About 1,000 people turned out to hear Republican presidential candidate Ron Paul on Friday at the Spokane Convention Center. He hit on many of the same things he did two weeks ago at a rally in the same location. But this time he also talked about revelations this week that two former United States senators believe that Saudi Arabia may have had involvement in the 9/11 attacks. He talked about that again in a press conference after his speech. He also talked about his campaign strategy and Super Tuesday. You can hear most of the press conference in the link above.
PHOTO: Republican presidential candidate, Rep. Ron Paul, R-Texas speaks at a rally in Spokane on Friday. (AP Photo/Jed Conklin)
Problems with the handling of human remains at a Delaware military base date back at least to Sept. 11, 2001, when portions of bodies brought there after the terrorist attacks were cremated and deposited in a landfill, according to a Defense Department report Tuesday. Detailing previously undisclosed errors at the Dover Air Force Base mortuary, investigators found a 2002 memo that indicated portions of bodies of people killed in the Shanksville, Pa., plane crash and the Pentagon attack couldn't be identified, were cremated at a civilian crematory and then given to a biomedical waste-disposal contractor that deposited the remains in a landfill/Julian E. Barnes, Wall Street Journal. More here. (AP file photo by Heesoon Yim of a helicopter flying over Pentagon on Sept. 11, 2001)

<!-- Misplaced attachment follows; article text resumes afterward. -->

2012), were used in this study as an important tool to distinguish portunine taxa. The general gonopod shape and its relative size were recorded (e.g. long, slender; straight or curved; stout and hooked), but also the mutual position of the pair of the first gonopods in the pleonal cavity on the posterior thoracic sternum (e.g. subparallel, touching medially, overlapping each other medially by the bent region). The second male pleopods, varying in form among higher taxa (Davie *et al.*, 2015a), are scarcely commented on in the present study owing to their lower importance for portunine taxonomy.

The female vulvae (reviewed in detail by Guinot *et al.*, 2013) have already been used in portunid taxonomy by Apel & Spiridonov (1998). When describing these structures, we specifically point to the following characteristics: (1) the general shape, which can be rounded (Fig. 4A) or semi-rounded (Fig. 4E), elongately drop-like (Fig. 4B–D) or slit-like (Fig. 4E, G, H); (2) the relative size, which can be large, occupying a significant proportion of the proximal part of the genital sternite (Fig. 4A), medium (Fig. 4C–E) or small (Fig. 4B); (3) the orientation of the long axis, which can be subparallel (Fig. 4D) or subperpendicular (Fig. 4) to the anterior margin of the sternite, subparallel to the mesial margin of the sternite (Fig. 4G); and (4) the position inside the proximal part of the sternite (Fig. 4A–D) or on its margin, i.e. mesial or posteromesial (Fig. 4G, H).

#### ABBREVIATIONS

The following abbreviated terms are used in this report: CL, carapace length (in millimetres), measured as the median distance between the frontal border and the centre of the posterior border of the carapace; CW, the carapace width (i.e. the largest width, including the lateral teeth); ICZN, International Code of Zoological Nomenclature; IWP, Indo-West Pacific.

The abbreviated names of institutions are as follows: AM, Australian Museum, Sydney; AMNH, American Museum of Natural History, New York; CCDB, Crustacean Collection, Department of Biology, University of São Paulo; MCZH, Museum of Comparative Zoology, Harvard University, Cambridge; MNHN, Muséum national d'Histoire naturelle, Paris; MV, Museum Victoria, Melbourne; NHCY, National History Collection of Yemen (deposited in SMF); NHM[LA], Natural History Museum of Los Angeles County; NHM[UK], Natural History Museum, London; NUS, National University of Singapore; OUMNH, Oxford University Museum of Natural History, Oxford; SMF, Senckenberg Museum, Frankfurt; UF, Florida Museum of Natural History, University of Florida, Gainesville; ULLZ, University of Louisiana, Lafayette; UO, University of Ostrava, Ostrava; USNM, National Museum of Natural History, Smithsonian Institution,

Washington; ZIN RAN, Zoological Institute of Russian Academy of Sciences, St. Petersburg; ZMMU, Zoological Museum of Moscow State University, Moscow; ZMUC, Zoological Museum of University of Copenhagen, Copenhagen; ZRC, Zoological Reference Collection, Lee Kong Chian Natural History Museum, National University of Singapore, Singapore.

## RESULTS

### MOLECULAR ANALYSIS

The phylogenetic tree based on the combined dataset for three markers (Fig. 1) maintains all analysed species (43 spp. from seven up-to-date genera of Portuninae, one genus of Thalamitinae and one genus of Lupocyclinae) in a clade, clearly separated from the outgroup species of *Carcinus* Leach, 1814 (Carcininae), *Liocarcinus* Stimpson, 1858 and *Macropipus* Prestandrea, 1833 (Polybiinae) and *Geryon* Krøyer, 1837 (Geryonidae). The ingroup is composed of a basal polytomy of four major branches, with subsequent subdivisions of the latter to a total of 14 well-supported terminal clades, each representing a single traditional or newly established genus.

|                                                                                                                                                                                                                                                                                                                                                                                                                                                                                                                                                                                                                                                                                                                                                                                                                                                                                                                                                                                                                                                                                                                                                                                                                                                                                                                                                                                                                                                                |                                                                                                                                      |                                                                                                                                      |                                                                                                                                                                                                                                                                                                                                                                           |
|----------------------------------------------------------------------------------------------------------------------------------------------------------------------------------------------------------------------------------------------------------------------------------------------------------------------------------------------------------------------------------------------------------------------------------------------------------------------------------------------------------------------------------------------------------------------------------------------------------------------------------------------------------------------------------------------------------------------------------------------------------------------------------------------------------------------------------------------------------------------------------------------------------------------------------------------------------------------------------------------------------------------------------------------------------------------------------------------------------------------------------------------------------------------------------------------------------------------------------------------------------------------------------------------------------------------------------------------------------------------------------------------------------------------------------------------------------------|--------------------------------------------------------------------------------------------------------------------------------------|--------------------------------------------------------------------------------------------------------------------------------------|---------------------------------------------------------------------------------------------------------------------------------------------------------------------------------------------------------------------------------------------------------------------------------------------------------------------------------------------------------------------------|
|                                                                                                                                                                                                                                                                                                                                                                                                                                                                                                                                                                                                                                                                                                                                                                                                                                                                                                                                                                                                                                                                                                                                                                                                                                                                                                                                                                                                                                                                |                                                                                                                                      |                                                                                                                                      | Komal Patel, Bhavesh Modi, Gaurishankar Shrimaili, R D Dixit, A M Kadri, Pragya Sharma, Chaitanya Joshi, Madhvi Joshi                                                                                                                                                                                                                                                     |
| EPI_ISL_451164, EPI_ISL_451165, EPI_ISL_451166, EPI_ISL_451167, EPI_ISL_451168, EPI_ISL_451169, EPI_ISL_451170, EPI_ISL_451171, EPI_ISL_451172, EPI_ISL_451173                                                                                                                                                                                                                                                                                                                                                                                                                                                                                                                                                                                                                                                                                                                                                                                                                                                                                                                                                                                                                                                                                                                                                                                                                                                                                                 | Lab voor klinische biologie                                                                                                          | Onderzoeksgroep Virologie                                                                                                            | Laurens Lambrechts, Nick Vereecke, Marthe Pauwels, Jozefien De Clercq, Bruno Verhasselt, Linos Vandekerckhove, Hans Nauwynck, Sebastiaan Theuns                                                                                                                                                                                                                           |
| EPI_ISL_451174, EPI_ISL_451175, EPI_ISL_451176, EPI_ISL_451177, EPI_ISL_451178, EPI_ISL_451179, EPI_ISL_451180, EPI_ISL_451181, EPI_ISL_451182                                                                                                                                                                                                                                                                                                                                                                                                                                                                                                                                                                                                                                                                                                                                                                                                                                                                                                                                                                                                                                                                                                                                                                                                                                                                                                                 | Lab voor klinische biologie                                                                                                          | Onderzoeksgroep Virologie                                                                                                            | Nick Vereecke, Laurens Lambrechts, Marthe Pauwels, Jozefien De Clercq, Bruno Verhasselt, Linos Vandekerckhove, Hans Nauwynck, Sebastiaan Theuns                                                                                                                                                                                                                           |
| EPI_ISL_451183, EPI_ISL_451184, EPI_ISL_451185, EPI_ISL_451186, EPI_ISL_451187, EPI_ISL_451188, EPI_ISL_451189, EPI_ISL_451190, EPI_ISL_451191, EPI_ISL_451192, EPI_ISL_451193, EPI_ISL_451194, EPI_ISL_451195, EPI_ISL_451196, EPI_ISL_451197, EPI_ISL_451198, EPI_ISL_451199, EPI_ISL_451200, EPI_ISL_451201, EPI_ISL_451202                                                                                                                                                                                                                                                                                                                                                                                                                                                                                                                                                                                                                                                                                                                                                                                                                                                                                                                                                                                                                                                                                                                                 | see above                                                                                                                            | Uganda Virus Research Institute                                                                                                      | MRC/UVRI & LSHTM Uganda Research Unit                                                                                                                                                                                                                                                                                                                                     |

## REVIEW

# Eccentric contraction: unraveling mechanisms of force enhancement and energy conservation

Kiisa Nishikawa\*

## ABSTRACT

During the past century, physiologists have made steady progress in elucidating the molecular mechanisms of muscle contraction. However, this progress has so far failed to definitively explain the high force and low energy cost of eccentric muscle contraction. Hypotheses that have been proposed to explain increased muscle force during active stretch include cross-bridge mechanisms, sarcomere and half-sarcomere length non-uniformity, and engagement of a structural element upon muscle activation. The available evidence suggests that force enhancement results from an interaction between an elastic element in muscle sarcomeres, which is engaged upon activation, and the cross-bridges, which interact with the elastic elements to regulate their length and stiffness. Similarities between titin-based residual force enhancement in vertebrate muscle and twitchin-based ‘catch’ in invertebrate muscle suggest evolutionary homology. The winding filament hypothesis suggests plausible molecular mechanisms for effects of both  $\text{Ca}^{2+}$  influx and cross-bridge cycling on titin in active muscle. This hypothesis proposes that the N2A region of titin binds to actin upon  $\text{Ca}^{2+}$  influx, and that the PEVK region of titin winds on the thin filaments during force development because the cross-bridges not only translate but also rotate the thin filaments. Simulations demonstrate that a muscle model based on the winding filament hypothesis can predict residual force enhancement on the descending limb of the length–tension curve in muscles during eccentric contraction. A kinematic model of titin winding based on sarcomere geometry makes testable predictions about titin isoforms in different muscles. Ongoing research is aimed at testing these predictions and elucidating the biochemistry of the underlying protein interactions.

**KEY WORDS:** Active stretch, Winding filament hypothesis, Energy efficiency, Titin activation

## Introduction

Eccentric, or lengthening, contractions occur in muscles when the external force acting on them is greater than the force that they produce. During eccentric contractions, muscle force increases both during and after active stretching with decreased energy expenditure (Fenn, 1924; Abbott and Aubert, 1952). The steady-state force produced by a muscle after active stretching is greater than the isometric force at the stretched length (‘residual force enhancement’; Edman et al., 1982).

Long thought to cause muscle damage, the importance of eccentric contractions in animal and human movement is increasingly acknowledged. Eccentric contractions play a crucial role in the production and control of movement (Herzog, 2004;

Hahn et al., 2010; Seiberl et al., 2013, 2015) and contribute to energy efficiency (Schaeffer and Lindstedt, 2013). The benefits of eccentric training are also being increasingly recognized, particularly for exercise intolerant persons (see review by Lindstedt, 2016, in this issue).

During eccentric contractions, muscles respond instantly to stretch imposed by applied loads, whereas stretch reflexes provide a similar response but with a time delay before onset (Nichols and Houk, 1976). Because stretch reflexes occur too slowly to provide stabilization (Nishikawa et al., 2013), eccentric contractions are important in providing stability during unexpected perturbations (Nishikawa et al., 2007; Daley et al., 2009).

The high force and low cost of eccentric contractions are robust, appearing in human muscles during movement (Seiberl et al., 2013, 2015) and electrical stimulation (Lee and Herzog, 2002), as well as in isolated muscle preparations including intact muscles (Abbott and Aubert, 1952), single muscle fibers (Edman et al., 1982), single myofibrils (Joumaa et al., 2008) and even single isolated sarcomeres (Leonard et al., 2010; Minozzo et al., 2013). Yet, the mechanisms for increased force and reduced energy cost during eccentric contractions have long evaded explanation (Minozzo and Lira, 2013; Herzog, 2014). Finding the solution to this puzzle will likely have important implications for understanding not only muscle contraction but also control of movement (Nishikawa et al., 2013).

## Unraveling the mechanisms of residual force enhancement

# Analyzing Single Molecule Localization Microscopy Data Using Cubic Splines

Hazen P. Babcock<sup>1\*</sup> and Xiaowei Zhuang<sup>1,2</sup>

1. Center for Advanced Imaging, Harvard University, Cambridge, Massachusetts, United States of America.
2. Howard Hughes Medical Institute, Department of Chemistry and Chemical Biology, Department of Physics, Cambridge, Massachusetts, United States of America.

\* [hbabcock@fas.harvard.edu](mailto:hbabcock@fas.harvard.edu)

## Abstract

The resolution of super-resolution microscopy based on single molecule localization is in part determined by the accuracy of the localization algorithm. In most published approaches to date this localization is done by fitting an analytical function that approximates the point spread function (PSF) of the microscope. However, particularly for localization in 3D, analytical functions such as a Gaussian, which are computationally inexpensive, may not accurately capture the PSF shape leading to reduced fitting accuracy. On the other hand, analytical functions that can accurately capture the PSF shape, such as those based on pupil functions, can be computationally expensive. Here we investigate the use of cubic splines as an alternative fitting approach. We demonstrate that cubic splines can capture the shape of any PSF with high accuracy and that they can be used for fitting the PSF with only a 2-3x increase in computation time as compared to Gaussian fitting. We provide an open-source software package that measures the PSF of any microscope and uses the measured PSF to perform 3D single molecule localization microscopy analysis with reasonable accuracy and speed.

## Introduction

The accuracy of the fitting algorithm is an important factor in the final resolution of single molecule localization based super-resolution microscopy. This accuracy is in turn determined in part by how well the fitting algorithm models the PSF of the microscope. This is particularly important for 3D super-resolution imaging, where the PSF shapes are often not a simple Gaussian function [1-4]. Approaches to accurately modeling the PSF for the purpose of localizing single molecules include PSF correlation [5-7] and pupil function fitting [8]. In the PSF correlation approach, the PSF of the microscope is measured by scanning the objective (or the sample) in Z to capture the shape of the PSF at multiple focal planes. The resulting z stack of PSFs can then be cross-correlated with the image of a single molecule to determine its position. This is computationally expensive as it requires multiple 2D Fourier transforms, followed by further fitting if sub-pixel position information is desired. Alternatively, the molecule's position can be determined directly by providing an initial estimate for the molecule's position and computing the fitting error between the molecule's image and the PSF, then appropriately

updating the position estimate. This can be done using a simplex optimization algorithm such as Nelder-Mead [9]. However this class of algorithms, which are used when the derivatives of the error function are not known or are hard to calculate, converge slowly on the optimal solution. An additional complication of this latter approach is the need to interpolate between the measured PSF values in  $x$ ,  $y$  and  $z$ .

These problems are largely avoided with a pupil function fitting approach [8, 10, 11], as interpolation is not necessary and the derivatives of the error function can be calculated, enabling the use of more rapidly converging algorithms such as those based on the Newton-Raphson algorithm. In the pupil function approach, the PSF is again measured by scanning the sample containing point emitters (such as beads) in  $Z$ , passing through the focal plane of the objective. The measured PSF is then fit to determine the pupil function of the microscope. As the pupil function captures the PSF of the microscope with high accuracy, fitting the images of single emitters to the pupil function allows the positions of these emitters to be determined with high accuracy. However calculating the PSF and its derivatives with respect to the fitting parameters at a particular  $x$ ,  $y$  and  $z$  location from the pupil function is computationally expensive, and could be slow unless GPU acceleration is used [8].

MADISON, Wis. (AP) — Police in Wisconsin's capital city barely had to try to catch a pair of unlucky suspected thieves.
Madison police say two men in their late 20s stole DVDs and computer games from a Target store Tuesday and discussed their plans to fence the goods while driving away.
Investigators say the duo didn't realize one of them had accidentally pocket-dialed 911. A dispatcher listened in for nearly an hour as they discussed what they had stolen and where they might sell it. Police say they even described their vehicle.
Madison police spokesman Joel DeSpain says the pair decided to sell their goods at a video store. When they pulled into the store's parking lot, officers surrounded their vehicle with guns drawn.
Remember how everything was going to be different? After 2,977 people died in coordinated suicide attacks on the World Trade Center and the Pentagon, and the crash of Flight 93 in Pennsylvania, Americans came together in a near-unanimous moment of unity and shared purpose. From now on, we would stop being the superficial, America-first consumerists we'd been before 9/11. (Or, depending on your outlook, we'd stop being godless, unpatriotic hedonists.) Either way, this was the call of a generation, the dawn of a new era — one of responsibility, civility and personal sacrifice. Blood donations and volunteerism spiked, church attendance and military service were expected to follow. Then-President George W. Bush called on every American to donate "4,000 hours, or two years" to charitable work. Senate Republicans and Democrats skipped out onto the Capitol steps to proclaim their bipartisanship, saying, "There is no opposition party." But then something happened. We lost our way/Jess Walter, Seattle Times. More here. (AP photo/Medford Mail Tribune, Julia Moore: Firefighters honor the fallen on Sunday in Medford, Ore.)